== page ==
- Associated Press - Friday, September 25, 2015

RALEIGH, N.C. (AP) - A man who tried to claim an $800,000 home for himself by filing a bogus deed document is staying in prison.

The state Supreme Court deadlocked 3-3 on Friday about whether Shawn Pendergraft was correctly charged with obtaining property by false pretenses after moving into the house in 2011. His lawyer had asked the court to throw out his conviction. He’s serving more than five years in prison.

Pendergraft’s squatting scheme was part of a wave of hundreds of frivolous property claims that rolled in at a time when registrars were already dealing with a flood of foreclosures amid the Great Recession’s housing market collapse. Scam artists were occupying foreclosed homes in Virginia, Georgia, New Jersey, California and elsewhere across the country.

Pendergraft worked at a Raleigh university and had only minor traffic violations on his criminal record when he read on the Internet that it was possible to collect empty houses by claiming adverse possession, according to his lawyer Michael Spivey. Adverse possession allows long-time occupants to take over ownership of a property if its previous owner abandons it or legal ownership can’t be determined.

In North Carolina’s most populous county, there were more than 200 bogus filings in 2011, said J. David Granberry, Mecklenburg County’s register of deeds. Many were written in confusing pseudo-legal jargon, some making outlandish claims about being exempt from U.S. law.

Last year, the county was down to 166 adverse possession documents, Granberry said. So far this year, Granberry’s office has seen only 16 as home foreclosures have diminished.

The Supreme Court was asked to erase Pendergraft’s conviction because the original criminal indictment failed to explain why Pendergraft’s claim of owning the property would have caused someone to give up ownership, his attorney said.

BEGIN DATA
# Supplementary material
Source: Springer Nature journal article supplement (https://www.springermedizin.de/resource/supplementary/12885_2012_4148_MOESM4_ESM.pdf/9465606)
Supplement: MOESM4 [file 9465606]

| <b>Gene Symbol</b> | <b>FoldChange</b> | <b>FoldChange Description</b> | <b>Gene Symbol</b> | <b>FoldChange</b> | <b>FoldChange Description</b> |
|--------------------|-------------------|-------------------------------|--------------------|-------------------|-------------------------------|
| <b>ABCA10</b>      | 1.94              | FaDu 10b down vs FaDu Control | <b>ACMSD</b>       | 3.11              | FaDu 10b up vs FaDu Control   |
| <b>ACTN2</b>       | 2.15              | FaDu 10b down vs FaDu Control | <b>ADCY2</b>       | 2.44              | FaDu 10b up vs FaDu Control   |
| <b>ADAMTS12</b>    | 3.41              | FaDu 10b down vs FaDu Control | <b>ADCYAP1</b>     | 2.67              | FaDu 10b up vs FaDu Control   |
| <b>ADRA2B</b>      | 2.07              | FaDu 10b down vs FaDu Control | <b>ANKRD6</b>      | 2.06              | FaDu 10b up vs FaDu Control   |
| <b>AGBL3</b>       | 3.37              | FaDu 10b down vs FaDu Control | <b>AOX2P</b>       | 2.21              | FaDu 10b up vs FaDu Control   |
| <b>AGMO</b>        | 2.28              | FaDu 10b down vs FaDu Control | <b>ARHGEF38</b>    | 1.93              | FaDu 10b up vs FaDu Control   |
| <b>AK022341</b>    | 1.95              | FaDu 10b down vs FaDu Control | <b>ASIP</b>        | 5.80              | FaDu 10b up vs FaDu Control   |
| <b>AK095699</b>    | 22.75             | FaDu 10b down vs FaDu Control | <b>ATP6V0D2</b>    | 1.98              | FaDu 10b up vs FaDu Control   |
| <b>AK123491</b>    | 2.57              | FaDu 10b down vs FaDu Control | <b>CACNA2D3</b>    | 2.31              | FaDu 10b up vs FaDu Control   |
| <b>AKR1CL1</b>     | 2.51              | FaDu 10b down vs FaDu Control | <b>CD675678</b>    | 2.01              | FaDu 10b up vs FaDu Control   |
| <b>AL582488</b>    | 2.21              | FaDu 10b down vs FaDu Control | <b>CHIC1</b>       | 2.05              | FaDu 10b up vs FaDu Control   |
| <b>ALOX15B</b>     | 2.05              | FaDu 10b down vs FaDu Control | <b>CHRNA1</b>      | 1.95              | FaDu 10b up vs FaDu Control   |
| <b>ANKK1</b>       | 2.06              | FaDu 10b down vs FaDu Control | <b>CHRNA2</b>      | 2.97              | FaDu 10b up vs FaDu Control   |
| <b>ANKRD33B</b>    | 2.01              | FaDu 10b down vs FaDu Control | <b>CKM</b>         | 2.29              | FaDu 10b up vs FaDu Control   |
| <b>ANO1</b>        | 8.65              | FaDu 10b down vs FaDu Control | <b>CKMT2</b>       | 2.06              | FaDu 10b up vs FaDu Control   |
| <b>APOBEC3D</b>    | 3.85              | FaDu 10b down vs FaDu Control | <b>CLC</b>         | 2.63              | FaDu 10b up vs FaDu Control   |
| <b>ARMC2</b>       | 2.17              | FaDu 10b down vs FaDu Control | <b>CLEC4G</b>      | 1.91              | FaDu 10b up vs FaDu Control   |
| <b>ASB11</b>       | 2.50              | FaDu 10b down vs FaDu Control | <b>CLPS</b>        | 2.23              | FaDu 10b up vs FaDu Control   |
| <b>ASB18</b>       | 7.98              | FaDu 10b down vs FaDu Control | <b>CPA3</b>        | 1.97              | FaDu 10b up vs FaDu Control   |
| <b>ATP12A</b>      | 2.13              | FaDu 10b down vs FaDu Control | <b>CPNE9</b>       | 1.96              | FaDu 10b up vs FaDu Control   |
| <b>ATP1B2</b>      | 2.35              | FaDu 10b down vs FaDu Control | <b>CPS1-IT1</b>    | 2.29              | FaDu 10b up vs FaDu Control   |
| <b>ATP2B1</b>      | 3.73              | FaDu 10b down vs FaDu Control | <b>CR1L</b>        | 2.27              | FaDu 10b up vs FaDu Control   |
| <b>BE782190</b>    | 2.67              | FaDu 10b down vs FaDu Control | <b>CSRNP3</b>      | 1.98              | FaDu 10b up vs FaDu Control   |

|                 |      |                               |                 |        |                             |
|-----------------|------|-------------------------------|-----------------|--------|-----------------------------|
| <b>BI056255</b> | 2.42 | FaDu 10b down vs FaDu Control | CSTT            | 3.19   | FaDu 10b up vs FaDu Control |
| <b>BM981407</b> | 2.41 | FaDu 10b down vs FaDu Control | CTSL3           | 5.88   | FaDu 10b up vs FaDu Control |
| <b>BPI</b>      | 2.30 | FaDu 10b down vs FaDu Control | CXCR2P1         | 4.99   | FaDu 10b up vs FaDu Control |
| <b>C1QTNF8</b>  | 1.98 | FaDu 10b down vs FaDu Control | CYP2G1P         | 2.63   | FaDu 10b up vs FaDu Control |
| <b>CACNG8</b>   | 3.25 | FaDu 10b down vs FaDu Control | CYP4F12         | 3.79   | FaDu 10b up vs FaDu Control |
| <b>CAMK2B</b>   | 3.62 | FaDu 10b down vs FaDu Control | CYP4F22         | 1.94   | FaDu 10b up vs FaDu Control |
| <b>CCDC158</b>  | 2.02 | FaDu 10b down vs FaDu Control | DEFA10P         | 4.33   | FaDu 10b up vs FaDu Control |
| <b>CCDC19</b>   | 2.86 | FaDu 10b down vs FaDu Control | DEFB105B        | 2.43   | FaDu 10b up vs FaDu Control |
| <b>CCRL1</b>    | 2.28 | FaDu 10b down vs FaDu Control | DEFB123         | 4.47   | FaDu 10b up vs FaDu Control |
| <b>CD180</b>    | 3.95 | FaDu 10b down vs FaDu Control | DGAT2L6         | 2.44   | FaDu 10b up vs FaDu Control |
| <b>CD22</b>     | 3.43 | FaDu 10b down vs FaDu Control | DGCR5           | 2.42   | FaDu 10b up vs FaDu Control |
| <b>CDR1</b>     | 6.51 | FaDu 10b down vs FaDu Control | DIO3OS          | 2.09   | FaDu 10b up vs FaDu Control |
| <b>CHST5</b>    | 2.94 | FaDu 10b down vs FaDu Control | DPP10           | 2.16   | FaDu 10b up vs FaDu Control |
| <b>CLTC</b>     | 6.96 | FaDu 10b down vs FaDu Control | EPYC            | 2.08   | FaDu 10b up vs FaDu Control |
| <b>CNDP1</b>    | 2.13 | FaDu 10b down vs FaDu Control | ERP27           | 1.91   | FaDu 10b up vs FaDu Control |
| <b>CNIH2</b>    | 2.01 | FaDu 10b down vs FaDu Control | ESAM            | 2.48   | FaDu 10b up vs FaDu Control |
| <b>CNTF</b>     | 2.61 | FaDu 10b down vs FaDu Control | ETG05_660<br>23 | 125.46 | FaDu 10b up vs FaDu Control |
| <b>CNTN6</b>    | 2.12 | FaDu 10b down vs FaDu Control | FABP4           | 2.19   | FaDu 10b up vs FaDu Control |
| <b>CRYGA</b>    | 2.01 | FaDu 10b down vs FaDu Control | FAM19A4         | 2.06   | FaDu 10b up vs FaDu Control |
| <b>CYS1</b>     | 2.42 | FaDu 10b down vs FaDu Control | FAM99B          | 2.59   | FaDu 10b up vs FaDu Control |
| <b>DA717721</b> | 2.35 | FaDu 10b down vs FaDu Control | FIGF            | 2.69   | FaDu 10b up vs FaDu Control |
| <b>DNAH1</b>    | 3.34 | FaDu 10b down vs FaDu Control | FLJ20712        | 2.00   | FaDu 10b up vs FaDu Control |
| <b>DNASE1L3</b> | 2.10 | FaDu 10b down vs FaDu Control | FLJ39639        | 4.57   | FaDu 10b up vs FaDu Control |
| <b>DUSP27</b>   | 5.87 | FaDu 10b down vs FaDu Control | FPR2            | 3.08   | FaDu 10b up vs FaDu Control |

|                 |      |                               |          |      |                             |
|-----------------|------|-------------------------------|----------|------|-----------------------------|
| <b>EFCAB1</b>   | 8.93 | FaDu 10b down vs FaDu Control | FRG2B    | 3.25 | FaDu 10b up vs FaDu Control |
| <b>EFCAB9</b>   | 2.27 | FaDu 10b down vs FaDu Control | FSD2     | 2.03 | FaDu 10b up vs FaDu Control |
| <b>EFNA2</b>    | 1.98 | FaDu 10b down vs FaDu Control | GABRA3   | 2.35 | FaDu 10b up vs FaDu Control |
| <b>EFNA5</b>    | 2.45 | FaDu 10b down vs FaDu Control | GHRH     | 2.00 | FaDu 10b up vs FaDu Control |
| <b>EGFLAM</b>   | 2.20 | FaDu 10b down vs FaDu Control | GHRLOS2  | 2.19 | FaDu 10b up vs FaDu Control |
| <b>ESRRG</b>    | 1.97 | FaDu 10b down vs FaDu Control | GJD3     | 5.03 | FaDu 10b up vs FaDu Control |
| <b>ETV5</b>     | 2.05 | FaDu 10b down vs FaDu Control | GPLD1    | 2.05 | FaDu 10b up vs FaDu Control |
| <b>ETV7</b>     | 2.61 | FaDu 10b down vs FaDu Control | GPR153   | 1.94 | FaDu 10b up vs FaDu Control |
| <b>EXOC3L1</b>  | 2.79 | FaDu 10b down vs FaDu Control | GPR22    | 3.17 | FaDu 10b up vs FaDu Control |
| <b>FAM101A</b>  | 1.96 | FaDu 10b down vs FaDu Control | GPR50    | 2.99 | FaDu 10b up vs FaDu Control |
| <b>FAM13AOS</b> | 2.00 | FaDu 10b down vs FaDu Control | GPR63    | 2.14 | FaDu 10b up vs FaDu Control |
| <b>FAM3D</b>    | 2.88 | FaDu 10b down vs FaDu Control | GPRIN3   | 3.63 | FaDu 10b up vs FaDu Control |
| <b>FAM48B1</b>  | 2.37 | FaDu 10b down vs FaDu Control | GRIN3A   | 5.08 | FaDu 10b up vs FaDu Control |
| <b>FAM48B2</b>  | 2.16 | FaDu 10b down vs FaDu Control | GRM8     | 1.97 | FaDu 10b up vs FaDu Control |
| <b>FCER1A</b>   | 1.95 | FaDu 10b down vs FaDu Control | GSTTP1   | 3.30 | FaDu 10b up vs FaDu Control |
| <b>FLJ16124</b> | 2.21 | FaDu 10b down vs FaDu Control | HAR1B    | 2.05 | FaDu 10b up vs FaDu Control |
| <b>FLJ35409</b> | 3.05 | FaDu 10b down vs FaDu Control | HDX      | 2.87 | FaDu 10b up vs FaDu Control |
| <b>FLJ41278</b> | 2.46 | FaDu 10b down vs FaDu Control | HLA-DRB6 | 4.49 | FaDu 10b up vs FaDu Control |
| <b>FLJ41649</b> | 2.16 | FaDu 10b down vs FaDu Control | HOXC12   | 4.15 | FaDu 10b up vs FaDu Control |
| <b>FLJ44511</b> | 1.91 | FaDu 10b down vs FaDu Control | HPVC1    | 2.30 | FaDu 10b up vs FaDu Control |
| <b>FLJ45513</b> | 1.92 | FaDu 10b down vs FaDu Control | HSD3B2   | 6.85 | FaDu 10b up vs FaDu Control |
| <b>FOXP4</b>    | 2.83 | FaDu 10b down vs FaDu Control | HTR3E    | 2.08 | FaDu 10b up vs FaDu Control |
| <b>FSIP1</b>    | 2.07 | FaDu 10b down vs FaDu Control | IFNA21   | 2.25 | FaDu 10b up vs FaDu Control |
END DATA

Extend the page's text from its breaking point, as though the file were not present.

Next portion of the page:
Spivey did not respond to requests for comment Friday. Noelle Talley, a spokeswoman for Attorney General Roy Cooper, said state attorneys were pleased the Supreme Court upheld an earlier ruling.

Cooper got a court order in 2011 to stop four phony land trusts and the individuals behind them, including Pendergraft, from filing bogus ownership deeds claiming someone else’s property.

In 2012, a judge ordered Pendergraft to pay civil penalties of $45,000 for unfair or deceptive commercial practices. He has not paid, Talley said.

The split Supreme Court vote happened because new Justice Sam Ervin IV bowed out of deliberations. He was on the lower Court of Appeals when it ruled on Pendergraft’s case last year. The remaining Supreme Court justices didn’t disclose how they voted.

Pendergraft is projected to be released from prison in a year.


Emery Dalesio can be reached at https://twitter.com/emerydalesio

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